Multiscale imaging of M. × giganteus cell wall architecture by FM and TEM. FM images showed intact clusters of cells in raw M. × giganteus tissues (a, b) with trace evidence of mechanical damage near Pxv from the cutting process (a, asterisk). The ultrastructure of Sf including compound cell corner (Ccml), compound middle lamella (Cml), secondary wall (Sw) and cell lumen (CL) were observed by TEM (c). In samples pretreated at 160°C, 0.5% H2SO4 for 15 min, individual cell walls were shown to be separated, particularly at the St and Com regions (d, white arrows) and at the Sf–Par boundaries (e, white arrows). A TEM scan of Sf presented lighter staining in the Ccml indicating lower density in these regions (f, white triangle). Samples pretreated at 170°C, 1% H2SO4 for 30 min exhibited many crushes of broken cells (g). Increased disjoining of Par walls from the Cml can be clearly distinguished at higher magnifications (h, white arrows). Additionally, intercellular spaces at the Ccml of Sf were gradually generated, resulting from the removal of hemicelluloses and lignin (i, white triangle). Sf sclerenchyma fibers, Par parenchyma, Pxv protoxylem vessel, Mxv metaxylem vessel, St sieve tube, Com companion cell.
© Copyright Policy - OpenAccess
Related In: Results  -  Collection

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Fig2: Multiscale imaging of M. × giganteus cell wall architecture by FM and TEM. FM images showed intact clusters of cells in raw M. × giganteus tissues (a, b) with trace evidence of mechanical damage near Pxv from the cutting process (a, asterisk). The ultrastructure of Sf including compound cell corner (Ccml), compound middle lamella (Cml), secondary wall (Sw) and cell lumen (CL) were observed by TEM (c). In samples pretreated at 160°C, 0.5% H2SO4 for 15 min, individual cell walls were shown to be separated, particularly at the St and Com regions (d, white arrows) and at the Sf–Par boundaries (e, white arrows). A TEM scan of Sf presented lighter staining in the Ccml indicating lower density in these regions (f, white triangle). Samples pretreated at 170°C, 1% H2SO4 for 30 min exhibited many crushes of broken cells (g). Increased disjoining of Par walls from the Cml can be clearly distinguished at higher magnifications (h, white arrows). Additionally, intercellular spaces at the Ccml of Sf were gradually generated, resulting from the removal of hemicelluloses and lignin (i, white triangle). Sf sclerenchyma fibers, Par parenchyma, Pxv protoxylem vessel, Mxv metaxylem vessel, St sieve tube, Com companion cell.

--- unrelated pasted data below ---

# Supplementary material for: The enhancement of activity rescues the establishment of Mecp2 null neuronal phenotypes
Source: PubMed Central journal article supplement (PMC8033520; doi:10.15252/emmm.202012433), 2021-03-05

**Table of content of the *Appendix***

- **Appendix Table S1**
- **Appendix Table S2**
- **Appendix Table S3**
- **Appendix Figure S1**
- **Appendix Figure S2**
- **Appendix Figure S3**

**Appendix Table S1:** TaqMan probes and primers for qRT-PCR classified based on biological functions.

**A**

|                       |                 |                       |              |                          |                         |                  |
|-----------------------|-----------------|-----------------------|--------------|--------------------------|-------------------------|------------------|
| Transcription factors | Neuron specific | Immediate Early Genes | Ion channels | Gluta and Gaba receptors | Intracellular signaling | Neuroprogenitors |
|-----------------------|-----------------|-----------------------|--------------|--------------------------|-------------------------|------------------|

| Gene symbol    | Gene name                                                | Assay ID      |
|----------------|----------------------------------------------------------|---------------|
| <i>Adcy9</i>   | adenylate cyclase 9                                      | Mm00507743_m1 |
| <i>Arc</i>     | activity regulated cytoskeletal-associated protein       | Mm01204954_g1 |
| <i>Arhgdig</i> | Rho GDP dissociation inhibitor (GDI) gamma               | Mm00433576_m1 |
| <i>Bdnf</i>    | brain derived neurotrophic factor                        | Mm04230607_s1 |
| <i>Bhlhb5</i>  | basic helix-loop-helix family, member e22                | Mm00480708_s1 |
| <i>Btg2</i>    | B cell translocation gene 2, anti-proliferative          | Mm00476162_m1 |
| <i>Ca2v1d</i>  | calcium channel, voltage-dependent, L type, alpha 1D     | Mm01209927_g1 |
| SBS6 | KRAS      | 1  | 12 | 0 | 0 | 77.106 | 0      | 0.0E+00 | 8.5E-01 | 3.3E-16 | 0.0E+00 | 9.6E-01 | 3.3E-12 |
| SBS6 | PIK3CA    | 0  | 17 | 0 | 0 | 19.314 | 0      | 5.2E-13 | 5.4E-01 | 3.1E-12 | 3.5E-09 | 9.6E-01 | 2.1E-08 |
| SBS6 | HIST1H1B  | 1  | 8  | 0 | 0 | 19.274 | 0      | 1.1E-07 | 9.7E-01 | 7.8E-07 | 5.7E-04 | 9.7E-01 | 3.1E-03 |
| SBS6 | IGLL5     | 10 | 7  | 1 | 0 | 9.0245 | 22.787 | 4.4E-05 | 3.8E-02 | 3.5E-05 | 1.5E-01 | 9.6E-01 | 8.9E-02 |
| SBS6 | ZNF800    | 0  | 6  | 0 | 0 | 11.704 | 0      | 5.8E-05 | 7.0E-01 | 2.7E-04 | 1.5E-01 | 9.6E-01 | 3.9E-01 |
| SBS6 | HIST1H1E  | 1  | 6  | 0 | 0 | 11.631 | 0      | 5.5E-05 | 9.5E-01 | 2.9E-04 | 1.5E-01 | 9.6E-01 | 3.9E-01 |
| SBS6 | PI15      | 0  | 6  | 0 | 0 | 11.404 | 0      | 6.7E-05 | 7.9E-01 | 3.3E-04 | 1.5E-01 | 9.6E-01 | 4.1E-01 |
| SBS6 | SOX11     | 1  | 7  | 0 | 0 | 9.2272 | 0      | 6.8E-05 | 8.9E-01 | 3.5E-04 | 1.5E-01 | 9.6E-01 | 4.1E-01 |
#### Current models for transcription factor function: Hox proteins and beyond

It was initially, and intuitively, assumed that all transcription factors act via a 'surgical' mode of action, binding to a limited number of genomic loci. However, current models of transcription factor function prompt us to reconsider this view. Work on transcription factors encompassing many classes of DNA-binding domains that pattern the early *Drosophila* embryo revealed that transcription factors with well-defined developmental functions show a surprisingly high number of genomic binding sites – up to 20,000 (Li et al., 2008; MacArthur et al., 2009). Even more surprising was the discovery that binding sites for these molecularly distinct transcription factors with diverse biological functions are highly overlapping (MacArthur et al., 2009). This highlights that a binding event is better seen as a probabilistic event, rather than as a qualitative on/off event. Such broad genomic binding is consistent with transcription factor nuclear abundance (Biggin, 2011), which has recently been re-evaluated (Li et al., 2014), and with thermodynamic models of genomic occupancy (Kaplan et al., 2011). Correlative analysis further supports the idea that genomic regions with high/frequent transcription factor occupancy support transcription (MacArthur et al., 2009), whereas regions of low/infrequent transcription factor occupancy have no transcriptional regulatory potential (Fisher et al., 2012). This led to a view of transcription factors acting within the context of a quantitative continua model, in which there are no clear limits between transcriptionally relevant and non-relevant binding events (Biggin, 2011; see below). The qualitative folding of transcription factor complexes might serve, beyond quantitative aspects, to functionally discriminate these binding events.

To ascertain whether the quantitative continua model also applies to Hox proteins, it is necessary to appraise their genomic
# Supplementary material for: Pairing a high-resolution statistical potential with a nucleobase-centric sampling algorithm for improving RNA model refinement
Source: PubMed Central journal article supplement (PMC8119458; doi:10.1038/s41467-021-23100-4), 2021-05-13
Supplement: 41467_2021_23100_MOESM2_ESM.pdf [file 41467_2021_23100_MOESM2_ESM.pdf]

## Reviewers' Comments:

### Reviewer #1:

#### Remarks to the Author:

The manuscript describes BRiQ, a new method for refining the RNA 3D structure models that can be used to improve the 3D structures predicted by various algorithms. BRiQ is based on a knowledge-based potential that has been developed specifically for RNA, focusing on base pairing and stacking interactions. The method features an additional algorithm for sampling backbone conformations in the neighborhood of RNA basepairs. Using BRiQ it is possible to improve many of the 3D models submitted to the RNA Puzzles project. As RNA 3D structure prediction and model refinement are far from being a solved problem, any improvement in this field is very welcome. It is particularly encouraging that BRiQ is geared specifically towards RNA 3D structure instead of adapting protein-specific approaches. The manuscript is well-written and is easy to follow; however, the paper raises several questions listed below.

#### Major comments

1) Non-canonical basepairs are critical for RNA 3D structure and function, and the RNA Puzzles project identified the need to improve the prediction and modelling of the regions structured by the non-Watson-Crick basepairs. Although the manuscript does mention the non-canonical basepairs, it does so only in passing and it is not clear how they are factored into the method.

Mentions: Figure 2 illustrates the morphology and layered structure of M. × giganteus cell walls as a function of acid treatment severity by multi-scale imaging strategies. FM was used to investigate the cell wall structure in vascular bundles. M. × giganteus culm tissues were well organized, consisting of several cell types, including sclerenchyma fiber (Sf) surrounding the vascular bundles, parenchyma (Par), protoxylem vessel (Pxv), metaxylem vessel (Mxv), sieve tube (St) and companion cell (Com). Prior to treatment, vascular bundle tissues appeared intact (Figure 2a, b) with trace evidence of mechanical damage near Pxv from the cutting process (asterisk in Figure 2a). After pretreatment under moderate condition (160°C, 0.5% H2SO4 for 15 min), the samples showed separation of cell walls in many locations (Figure 2d, e), particularly at St and Com regions (white arrows in Figure 2d) and at Sf–Par boundaries (white arrows in Figure 2e), which indicated loosening of the original structure. With increasing pretreatment severity, vascular bundles displayed more pronounced alterations to tissues, such as sucrose-storing Par; many cells were crushed and broken (Figure 2g). Cell separations among neighboring Par cells in the treated biomass were more clearly visible in higher magnification images (white arrows in Figure 2h), which may be attributable to effective depolymerization of hemicelluloses and removal of lignin and pectin from P and Cml regions. In alfalfa, the deposition and distribution of pectin conforms to the patterns of lignin in the Ccml, where much of the pectin in cell walls is located and lignification is initiated [31]. In addition, the pectic arabinogalactans are reported to be removed concurrently with lignin during delignification of lupin upon chemical treatments [32, 33]. A recent study by DeMartini et al. [34] employing a novel glycome profiling technique on Populus biomass during hydrothermal pretreatment demonstrates significant loss of pectic and arabinogalactan epitopes corresponding to the disintegration of lignin–polysaccharide linkages. Briefly, the disjoining of cell walls likely enhanced the exposure of cellulose microfibrils and availability of more active surface area, consequently increasing the cellulose digestibility of the treated biomass as shown earlier.Figure 2